I want to start off by saying that Rush is a good movie. It's a beautifully crafted gem of a film. Period pieces must be a complete pain in the ass to get right and there's always some dick end out there who'll spot something like a number plate which shouldn't have existed at the time (to be fair, this kind of thing really gets on my tits, too. If you have millions of dollars at your disposal, the least you can do is employ someone who knows their shit) but this has a damn good stab at recreating the world during the 1970's.
I don't want to give any plot points away and anyone with even a cursory knowledge of the sport will know how this ends but for all the film's good points (and there are many, of which we'll talk about later), I first wanted to speak to you about the points which left the film feeling like a bit of a hollow experience. Both the acting and the 'action' set pieces are excellent and wonderfully executed but it's the script and certain moments of character development which make this feel, for an instant, like a melodramatic piece of shit.
Quick history lesson for the uninitiated; Hunt and Lauda were friends off track. Pretty good friends, in fact (they shared a flat together for a short period of time) but their rivalry came to the fore on track. Lauda was a straight talking dude with a singular purpose to win but he wasn't an emotional wasteland. Hunt was, by all accounts, a bit of an irresponsible asshole but he too possessed a singular need to win. The film actually goes to great lengths to show you just how much of an asshole Hunt could be by showing you his reckless abandon on track and his fleeting relationships with a stream of chicks but then tries to cram in some weak characterisation a little later into the film by having him look at himself in a mirror while he's banging an air hostess in an airplane bathroom, like he's a tortured detective or some shit. This scene happens after he finds out that his wife is banging Richard Burton and, to be frank, the real Hunt didn't want to be married to this chick anymore anyway and actually sold her to Burton on the condition that if Burton didn't pay up, Hunt wouldn't sign any divorce papers. To me, that's a much more compelling protagonist plus it's a true account and wouldn't come off as hackneyed. How much more 'rounded' a character can you need than someone who actually fucking existed? Lauda, similarly, is portrayed as a bit of a humourless and impotent asshole who struggles to acknowledge anything emotionally. His detective archetype scene comes a little later into the film as well, as he stares into the distance while on his honeymoon, contemplating his new found happiness and how his contentment is 'the enemy'. Just to hammer this point home, it's night time but it's not raining which is a shame. If you're going for the 'troubled genius' motif, you might as well go the whole hog.
Conversely, the Hunt/Lauda relationship is portrayed as pure rivalry. There's no friendliness or warmth to their relationship as there was in real life and the 'they were bitter enemies until they learnt to be friends' card is played well and truly in this movie. In fact, I think Ron Howard is actually trying to shove this card up your ass just so he knows you've been paying attention. It's these points which made me feel like this film could have done without trying to conform to the 'sporting drama' mold. Save that shit for Rocky or something.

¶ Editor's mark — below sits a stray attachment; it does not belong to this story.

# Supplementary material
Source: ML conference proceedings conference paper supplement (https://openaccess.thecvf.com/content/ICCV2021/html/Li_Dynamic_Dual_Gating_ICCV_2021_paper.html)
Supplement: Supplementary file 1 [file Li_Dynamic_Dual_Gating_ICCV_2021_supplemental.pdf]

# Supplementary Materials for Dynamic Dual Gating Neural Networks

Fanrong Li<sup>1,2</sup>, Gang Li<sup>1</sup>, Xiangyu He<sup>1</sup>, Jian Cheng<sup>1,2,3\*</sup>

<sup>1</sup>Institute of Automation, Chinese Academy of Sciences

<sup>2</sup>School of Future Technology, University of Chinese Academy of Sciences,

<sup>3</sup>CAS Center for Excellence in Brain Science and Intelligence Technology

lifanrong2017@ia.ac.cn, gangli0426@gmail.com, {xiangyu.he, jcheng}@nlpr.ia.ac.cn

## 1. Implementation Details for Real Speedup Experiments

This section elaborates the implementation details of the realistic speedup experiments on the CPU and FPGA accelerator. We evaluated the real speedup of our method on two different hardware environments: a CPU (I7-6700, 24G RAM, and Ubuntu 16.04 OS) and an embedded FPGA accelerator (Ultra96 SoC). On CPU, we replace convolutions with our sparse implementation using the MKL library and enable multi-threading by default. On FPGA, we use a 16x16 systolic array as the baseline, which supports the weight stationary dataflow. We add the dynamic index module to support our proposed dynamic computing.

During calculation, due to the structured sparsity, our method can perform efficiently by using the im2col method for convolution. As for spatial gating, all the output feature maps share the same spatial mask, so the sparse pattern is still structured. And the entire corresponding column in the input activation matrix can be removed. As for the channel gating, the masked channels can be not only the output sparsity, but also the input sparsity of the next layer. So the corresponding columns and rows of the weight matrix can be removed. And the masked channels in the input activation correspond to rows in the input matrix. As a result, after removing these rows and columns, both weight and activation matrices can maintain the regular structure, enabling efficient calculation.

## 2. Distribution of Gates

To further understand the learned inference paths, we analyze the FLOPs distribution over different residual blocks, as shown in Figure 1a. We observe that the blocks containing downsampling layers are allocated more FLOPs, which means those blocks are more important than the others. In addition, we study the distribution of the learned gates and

So, the good shit;
The acting is great no matter how occasionally loaded and melodramatic the script can be, with a particularly noteworthy performance from Daniel Bruehl as Niki Lauda. Chris Hemsworth looks like he's having a great time being super buff and fucking awesome and his performance benefits from this but it's Bruehl who'll win the Oscar should it ever come down to that (to be honest, if he isn't given a nod by the Oscar board, I'll shit a clown, I swear to God).
As far as the superficial flourishes go, the effects are pretty damn good as they're mostly practical. The cars look sick as tits and the CG, when employed, is pretty convincing. During the racing sequences, there are these semi-stylised shots of the internal workings of the cars which look spectacular and the roar of their engines made me feel curiously sexualised (it usually does during race weekend, too). The film contains some truly disturbing practical effects scenes which highlight the brutality of the sport during the 70's. A highlight of the film's practical effects and indeed a highlight of Daniel Bruehl's kick ass performance is Lauda's recovery scene after his near fatal crash at the Nurburgring in Germany. It'll turn your fucking stomach but it's just so incredibly shot and acted. Man, I'm welling up now just thinking about it. As far as the film's soundtrack goes, it's pretty forgettable but it fits the movie and helps with the emotional gravitas of certain scenes. I think Hans Zimmer gets way too much credit, now. His Batman scores were probably the only thing I truly liked about Nolan's Batman movies but this sounds like something he pretty much tossed off while on a lunch break.
So, to summarise;
It's a fucking kick ass movie with great performances, great effects and some smart direction but I guess my main problem lies with how Hollywood! this movie feels it has to be. I suppose the argument could be that if a truer account were made into a movie, would it be as interesting or as compelling a drama as this? The sad fact of the matter is that no, it probably wouldn't and would only appeal to that niche market that Formula 1 similarly appealed to in the mid seventies. The irony here is that in 1976, it took the Hunt/Lauda rivalry to finally bring Formula 1 to the attention of the larger world. A micro-cosmic adventure, then, through time and space? Damn, this shit's cleverer than I thought.